Verboczy writes that immigrants were quickly informed by others in their new communities that Francophones were “principally welfare-receiving, uneducated racists” — a sign of resentment against Bill 101 and its purveyors.
But Verboczy ended up embracing the language which he was forced to learn, and spends many pages sympathizing with the concerns that led to the language law’s creation. He points to the monolithic influence of American products in Quebec and the resulting dominance of English-language culture.
“Bill 101 doesn’t protect the French language as much as it does those who speak it,” Verboczy writes, alluding to the anxieties that French was being phased-out of Quebec culture — anxieties that persist today.
Is Quebec really racist?
From my observations, the suggestion of overwhelming racism in Quebec seems to have been adopted as pure fact. I’m reminded of a recent column on Gawker, which offered Americans a guide to moving to Canada if Donald Trump becomes president of the United States. When Quebec is brought up, it’s framed as an unwelcoming society, and the article’s comments mirror this characterization.
The charge of ingrained racism seems to be echoed from within our culture as well. Verboczy decries a speech made by Gabriel Nadeau-Dubois — the student spokesperson of the 2012 “Maple Spring” — in which he proclaimed that “if there is a Québécois tradition to conserve, it isn’t poutine or xenophobia.”
“Pardon? Xenophobia, a tradition?” Verboczy asks in response. “In my view, we’re actually thinking, disgusted, of that uncle at Christmas lunch who said that it’s unbelievable, this unreasonable business of Hassidic Blacks who impose themselves with their halal pork.”
He argues that caricatures of a rustic Quebec that is closed-off to foreigners have become accepted conventional wisdom over the years.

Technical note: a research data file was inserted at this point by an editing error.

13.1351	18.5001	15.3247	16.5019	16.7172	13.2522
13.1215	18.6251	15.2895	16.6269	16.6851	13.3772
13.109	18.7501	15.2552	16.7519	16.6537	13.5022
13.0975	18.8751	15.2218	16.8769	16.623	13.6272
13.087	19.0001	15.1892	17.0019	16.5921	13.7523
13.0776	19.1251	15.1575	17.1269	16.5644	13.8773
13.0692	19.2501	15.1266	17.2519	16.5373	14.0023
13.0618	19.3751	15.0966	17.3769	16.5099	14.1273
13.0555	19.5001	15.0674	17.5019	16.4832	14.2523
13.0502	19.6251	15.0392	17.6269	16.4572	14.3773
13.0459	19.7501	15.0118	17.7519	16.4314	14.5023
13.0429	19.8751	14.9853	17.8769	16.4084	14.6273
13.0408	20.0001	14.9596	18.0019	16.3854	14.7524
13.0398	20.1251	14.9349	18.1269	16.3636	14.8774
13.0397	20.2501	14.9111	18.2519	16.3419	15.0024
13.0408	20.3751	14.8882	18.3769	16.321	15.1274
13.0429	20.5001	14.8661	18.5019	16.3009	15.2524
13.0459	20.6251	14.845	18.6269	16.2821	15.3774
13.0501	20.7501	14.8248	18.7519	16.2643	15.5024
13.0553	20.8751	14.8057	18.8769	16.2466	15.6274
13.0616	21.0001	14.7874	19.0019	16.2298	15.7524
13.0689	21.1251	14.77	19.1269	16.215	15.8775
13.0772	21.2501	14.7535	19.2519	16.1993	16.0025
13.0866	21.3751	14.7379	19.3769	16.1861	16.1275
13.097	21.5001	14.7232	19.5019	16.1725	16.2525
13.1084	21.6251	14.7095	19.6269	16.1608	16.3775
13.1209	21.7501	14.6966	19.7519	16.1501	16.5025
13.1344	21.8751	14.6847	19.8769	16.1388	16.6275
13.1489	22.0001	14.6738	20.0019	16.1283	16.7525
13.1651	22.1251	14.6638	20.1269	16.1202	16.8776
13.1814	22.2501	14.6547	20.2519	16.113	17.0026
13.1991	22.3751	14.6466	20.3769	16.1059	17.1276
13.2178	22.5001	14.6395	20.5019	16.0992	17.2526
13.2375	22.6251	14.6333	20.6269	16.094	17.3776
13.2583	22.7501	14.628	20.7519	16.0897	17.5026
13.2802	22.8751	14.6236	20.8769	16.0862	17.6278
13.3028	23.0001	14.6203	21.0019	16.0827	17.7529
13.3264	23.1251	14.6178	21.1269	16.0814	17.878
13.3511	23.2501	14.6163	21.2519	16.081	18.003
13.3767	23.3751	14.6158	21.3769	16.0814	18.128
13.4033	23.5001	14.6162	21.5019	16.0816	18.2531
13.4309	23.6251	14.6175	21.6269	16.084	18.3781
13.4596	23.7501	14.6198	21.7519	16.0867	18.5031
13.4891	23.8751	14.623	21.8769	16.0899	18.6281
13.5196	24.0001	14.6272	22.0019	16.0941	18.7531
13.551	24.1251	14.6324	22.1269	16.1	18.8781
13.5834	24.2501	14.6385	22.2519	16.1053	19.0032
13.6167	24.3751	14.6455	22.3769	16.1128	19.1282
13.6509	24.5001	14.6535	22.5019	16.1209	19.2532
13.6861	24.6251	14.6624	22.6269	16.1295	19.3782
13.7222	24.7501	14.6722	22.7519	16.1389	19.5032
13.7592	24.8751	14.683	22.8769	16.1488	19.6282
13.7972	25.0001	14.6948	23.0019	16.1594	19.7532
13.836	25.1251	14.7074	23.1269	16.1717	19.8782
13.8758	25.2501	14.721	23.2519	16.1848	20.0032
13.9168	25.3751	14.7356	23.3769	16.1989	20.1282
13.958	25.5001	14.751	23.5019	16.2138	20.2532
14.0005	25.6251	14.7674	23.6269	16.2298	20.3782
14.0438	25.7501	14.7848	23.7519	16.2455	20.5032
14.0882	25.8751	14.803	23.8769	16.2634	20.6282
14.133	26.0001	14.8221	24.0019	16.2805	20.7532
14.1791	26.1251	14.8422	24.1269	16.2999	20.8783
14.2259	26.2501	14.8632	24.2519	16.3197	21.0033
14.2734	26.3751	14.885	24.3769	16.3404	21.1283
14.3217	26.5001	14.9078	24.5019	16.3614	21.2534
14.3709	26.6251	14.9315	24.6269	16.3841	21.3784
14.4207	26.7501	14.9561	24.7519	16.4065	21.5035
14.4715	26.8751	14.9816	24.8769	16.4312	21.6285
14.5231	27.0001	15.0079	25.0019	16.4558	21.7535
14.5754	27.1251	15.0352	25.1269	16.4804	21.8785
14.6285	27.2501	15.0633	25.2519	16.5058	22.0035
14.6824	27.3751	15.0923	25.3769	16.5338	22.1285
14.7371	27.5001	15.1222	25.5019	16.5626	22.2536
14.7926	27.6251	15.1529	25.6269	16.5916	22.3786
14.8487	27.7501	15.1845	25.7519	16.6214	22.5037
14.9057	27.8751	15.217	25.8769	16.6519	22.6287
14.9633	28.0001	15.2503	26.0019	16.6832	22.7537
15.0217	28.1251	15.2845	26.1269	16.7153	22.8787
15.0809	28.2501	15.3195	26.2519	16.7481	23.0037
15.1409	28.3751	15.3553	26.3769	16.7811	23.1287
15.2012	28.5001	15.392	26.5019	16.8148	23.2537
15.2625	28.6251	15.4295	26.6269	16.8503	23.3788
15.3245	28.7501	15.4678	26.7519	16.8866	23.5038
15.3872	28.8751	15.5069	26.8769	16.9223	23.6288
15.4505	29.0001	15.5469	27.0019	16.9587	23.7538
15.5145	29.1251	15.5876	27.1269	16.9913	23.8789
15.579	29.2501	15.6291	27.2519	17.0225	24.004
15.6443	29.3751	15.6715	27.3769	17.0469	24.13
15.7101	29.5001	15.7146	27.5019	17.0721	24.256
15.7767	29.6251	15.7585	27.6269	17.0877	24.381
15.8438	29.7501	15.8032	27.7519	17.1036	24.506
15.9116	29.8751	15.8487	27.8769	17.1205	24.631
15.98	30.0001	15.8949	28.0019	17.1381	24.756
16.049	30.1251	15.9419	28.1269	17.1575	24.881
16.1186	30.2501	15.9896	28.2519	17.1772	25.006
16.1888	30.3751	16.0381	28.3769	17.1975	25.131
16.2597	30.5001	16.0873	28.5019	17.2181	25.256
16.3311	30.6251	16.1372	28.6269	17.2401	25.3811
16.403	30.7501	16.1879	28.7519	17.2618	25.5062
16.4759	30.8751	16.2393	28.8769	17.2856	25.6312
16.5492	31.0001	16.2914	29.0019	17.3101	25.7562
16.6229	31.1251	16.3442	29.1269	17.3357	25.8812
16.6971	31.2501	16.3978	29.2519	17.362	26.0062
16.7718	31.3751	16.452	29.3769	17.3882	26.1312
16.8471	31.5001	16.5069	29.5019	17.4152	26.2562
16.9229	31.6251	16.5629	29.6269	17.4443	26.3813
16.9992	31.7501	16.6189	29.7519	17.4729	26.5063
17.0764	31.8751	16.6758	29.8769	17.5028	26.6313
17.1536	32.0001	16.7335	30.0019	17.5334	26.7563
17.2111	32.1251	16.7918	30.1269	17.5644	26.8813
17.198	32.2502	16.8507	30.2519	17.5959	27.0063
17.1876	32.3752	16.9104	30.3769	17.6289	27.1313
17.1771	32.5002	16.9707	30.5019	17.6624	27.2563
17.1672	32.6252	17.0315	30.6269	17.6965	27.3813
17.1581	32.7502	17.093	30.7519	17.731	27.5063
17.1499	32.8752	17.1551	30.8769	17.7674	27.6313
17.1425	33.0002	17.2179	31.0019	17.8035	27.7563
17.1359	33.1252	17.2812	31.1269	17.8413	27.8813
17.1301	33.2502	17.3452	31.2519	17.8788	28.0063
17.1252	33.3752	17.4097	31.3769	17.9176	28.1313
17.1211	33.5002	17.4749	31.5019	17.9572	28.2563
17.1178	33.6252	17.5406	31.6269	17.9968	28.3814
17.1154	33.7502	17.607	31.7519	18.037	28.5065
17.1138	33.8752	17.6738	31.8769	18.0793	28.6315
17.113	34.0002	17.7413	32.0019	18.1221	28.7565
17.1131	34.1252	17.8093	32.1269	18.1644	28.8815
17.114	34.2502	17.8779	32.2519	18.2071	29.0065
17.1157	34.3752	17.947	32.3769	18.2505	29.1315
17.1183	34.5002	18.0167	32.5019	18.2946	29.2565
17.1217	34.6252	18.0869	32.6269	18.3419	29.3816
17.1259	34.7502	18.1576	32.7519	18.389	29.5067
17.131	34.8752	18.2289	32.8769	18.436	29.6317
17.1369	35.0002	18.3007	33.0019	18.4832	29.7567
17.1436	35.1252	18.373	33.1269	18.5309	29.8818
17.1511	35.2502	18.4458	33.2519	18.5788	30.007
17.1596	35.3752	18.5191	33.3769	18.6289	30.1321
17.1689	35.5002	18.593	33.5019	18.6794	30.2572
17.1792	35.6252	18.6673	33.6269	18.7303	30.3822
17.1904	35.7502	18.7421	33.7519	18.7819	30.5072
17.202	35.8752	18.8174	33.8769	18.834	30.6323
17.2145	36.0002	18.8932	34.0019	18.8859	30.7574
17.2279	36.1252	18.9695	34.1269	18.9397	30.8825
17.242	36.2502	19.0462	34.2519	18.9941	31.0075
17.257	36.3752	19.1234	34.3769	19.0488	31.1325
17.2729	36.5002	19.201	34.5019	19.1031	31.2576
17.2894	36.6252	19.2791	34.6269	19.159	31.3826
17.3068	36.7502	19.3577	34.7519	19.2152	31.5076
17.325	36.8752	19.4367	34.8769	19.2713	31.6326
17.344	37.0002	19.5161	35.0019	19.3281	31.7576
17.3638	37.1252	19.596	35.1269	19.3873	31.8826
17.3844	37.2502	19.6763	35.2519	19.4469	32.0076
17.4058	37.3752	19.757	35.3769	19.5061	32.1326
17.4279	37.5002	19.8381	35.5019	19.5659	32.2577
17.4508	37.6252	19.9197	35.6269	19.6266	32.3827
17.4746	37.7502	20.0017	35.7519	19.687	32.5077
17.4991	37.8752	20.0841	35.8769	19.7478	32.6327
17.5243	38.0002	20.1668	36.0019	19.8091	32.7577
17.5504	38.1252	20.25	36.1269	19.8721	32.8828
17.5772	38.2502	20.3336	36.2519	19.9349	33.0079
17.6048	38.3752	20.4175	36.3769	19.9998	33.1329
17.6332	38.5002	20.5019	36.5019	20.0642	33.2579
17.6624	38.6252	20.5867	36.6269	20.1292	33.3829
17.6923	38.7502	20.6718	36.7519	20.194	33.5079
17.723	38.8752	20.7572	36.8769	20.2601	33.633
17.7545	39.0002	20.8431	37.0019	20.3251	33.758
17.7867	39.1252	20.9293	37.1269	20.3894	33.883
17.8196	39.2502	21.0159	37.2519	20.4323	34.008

Where are we going?
Such is the title of Verboczy’s final chapter, in which the immigrant-turned-defender of the French language and Québécois culture reflects on modern questions of integration.
He points to the unique challenges posed by 21st century communication technologies, which allow newly arrived immigrants to remain in constant contact with their countries of origin. Verboczy says this can slow down the integration process for immigrants, as it can “give the illusion that they never left their countries.”
In response, the author places a greater onus on immigrants to adapt to their new surroundings, arguing “they must accept that their identity will change, and that it will have to superimpose itself on a backdrop that already has its colours and reliefs.”
Verboczy doesn’t shy away from tricky questions regarding the experience of Canadian immigrants, and not everyone will agree with his conclusions. However, Rhapsodie Québécoise explores these issues with boldness, nuance and humour that is, in my view, mostly absent in mainstream media analysis.